Management options have been explored by the City of Cape Town and these include the reduction of sewage effluent, improving the quality of effluent and storm water, reducing the internal nutrient load and dilution and flushing. These options all have cost implications and nothing has been done over the last decade except for an unsuccessful attempt to re-grow pondweed.

On 13 January 1999 a year after the significant algae bloom, Bryan Davies and Anja Gassner wrote a comprehensive report to the Catchment Management section of the Cape Metropolitan Council mentioning some facts including:

“Commercial washing powders contain by weight between 15% and 30% phosphate, the substance that is at the bottom of the pollution problems recounted in this report for all the vleis of the Noordhoek Valley, and for Wildevoëlvlei in particular. This means that every kilogram box of washing powder may yield up to 300g of phosphate. Waste Water from homes contains large quantities of the material.”

“We are convinced that it is an imperative that residents of the Noordhoek Valley – indeed, the entire area under the control of the CMC – be forced, using appropriate Bye-Laws and incentives, to use grey water (water from baths, showers, hand basins and washing machines) for irrigation purposes,” said Anja Gassner.

“The tools for this purpose are already available and have a proven track record. The strategy will have a dual benefit: 1. The reduction of the phosphate loads reaching the sewerage treatment works by as much as 50%; and 2. Reduction of water demand throughout the area under the control of the CMC, thereby avoiding the need for further costly water augmentation schemes.”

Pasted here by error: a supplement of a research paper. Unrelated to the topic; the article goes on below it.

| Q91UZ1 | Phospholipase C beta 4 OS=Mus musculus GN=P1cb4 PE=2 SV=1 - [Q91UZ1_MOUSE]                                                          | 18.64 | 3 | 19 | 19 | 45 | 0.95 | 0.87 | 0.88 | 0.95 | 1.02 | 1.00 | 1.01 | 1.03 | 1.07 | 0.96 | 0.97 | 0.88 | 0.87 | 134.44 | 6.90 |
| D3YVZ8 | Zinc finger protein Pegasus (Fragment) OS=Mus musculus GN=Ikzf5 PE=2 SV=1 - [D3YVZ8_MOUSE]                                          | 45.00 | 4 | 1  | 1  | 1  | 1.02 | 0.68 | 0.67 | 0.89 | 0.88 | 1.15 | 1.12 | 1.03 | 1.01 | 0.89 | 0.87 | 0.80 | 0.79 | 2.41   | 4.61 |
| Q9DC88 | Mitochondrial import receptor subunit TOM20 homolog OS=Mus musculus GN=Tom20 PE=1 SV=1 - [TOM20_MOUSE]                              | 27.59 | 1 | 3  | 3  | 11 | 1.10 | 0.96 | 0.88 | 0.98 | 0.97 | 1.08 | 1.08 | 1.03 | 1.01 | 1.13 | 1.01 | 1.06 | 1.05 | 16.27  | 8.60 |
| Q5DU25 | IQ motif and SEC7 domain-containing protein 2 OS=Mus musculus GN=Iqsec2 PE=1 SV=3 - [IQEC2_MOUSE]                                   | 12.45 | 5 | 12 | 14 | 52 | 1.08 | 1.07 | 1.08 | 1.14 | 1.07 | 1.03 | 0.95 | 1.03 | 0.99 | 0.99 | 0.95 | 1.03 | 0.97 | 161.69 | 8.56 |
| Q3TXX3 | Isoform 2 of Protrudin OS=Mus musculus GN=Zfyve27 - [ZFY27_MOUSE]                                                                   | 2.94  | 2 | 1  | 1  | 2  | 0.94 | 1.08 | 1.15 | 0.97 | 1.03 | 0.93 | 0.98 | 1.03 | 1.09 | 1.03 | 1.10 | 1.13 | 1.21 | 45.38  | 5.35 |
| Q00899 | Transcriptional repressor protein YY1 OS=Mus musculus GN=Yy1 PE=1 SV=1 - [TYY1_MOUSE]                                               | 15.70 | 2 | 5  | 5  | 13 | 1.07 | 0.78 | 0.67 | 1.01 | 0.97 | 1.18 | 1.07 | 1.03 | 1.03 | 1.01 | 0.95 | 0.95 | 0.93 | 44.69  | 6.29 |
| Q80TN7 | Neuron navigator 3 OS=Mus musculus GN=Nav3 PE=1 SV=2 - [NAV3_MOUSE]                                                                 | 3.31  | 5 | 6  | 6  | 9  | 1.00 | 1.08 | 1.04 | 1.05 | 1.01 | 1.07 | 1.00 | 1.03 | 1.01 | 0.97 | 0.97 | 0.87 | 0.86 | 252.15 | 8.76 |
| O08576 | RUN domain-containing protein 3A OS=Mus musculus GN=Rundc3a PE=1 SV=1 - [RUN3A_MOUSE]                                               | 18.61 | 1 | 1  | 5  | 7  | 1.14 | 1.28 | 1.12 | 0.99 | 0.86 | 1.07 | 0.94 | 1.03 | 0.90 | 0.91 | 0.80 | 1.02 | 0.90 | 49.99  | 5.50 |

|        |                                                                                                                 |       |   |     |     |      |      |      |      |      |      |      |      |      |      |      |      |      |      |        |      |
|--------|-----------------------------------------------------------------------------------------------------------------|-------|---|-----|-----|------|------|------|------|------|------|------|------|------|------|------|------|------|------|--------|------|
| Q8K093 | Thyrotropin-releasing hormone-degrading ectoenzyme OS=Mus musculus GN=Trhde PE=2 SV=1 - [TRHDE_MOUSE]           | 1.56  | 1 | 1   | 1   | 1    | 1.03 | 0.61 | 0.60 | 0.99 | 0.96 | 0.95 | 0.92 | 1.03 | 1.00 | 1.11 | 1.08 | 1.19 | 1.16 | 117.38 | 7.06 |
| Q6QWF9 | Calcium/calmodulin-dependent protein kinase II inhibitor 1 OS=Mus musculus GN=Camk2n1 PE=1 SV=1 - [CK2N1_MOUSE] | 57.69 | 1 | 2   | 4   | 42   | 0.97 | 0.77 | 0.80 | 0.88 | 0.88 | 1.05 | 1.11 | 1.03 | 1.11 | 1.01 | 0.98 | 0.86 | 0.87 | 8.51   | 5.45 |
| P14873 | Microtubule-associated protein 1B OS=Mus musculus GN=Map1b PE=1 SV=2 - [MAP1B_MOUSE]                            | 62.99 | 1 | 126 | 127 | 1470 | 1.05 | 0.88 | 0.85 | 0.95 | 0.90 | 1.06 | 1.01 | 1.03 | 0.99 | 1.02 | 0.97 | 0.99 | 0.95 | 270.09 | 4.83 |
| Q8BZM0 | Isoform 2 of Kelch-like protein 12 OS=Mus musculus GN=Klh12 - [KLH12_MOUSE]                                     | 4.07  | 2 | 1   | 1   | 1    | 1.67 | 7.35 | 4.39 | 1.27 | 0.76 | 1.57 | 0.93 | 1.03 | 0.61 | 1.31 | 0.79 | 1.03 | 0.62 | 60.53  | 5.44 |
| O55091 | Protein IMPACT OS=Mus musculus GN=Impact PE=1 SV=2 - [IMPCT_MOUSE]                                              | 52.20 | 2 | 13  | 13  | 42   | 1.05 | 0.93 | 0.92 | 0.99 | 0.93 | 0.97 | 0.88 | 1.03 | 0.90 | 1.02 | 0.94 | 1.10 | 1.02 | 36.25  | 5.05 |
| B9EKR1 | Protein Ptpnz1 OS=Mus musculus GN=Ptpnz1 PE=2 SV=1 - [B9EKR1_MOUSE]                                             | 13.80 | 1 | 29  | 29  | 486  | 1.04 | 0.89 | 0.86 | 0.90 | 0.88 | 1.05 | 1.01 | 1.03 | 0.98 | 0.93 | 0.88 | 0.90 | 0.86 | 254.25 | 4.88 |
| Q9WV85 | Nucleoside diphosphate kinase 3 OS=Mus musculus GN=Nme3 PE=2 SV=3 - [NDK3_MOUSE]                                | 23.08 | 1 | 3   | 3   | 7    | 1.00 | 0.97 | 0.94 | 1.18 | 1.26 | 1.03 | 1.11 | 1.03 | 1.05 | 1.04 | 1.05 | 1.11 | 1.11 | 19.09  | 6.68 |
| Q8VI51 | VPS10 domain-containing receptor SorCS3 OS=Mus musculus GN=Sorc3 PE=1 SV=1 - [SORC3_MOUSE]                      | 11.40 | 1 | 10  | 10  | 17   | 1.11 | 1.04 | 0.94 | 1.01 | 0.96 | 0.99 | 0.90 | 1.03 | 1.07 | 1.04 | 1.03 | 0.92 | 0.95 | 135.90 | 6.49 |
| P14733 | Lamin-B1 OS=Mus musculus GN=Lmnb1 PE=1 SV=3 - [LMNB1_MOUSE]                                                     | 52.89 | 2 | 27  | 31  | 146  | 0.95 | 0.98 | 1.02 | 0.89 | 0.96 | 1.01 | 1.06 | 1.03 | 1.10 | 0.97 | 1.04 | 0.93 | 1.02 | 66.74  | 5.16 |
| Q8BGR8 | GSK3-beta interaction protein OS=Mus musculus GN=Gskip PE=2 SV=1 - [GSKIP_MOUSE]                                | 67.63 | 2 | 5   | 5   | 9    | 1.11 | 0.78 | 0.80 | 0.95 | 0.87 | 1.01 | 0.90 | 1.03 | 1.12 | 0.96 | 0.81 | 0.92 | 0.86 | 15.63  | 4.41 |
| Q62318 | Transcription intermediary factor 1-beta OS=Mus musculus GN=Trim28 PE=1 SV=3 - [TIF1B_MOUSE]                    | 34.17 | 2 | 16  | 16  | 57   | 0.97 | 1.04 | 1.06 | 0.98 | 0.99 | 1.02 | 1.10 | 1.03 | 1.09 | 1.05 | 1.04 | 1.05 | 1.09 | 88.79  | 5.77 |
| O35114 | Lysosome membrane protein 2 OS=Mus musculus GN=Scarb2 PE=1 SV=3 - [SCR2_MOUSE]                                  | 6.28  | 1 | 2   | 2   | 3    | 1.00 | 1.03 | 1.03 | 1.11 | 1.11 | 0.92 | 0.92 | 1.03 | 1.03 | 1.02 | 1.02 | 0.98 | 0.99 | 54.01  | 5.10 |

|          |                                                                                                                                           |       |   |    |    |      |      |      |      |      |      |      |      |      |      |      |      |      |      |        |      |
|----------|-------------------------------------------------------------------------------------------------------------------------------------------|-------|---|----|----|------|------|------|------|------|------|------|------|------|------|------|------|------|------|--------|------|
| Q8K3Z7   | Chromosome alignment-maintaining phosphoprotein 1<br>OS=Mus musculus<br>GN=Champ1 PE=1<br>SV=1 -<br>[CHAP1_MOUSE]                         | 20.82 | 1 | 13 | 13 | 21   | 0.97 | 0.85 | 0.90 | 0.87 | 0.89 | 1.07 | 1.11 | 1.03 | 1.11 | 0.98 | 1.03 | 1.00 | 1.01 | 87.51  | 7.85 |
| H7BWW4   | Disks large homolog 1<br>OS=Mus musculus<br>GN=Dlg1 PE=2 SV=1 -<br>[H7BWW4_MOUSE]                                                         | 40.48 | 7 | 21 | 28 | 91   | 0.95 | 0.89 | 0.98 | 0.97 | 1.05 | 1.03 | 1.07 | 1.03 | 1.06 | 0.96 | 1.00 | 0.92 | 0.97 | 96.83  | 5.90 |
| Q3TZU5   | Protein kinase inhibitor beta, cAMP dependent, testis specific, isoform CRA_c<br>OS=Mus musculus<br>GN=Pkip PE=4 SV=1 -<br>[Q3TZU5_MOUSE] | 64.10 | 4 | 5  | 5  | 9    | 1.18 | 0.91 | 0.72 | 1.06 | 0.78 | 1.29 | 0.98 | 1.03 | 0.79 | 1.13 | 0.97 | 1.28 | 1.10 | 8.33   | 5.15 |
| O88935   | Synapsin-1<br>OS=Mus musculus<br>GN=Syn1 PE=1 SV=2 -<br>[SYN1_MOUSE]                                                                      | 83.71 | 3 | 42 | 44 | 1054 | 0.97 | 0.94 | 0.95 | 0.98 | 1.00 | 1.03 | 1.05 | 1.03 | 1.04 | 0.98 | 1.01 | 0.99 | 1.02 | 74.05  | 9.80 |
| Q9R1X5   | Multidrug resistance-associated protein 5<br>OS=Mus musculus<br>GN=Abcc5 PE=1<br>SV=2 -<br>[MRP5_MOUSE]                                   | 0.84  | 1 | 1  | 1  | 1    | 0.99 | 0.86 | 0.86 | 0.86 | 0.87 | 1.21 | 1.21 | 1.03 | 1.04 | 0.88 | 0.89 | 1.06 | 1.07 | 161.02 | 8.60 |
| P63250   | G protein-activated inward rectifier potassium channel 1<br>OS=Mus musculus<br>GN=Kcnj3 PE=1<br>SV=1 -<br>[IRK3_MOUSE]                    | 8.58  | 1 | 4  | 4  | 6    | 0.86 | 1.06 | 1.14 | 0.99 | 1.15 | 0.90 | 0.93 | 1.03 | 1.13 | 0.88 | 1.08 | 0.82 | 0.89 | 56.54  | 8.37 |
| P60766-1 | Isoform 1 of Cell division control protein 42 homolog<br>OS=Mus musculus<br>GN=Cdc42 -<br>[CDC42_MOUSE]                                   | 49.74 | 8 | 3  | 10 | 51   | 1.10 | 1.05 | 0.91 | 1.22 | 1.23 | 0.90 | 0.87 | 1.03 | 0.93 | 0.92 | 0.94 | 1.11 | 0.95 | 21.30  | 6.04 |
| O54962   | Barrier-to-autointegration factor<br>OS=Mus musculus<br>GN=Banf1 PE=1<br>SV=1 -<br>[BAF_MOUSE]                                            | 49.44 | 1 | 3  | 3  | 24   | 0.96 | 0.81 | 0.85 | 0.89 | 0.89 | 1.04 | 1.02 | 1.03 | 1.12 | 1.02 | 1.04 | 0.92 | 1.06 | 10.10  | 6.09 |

This excerpt from the report starts on page 50, Paragraph 7.5.6, (quoted verbatim)
Follow link http://www.savingwater.co.za/2010/03/06/10/commercial-washing-powders-destroy-wetland/

The toxins are a health risk that can cause liver damage and can kill animals and humans if ingested in large enough quantities. They can also cause hay fever and ear and eye infections. It was interesting to note that many of the residents living close to the water suffer from allergies and arthritis and other joint pains. Algae are airborne.

Blue-greens also affect the functioning of the vlei as Oxygen in the water is depleted causing other organisms such as fish to die. The most recent mass die-off of fish occurred in April 2010.

“Until action takes place it would be very shortsighted for any further development to take place in the valley,” concluded Peterson.

“Sadly no one was present from WWTW and City of Cape Town. We want to find a solution and work with City of Cape Town to achieve this”, said Liesel James founder of Little Green Fingers, organisers of this event.

James said that following the event a new entity has been born, Creating Change: A coalition of new, existing and old members who are investigating, finding solutions and reporting on the rehabilitating of Wildevoel vlei. Scientific evidence to understand exactly the source of this local problem is currently under investigation by Resource Ballast Technology who is testing water samples currently been cultured.

Once the scientific evidence is confirmed, appropriate solutions will be sought and presented to City of Cape Town and WWTW.

“The power of community is the future for positive change. It is amazing how many local environmental experts have come on board to assist in this process” concluded James.

Liesel James may be contacted at 0711987875 or
littlegreenfingers@gmail.com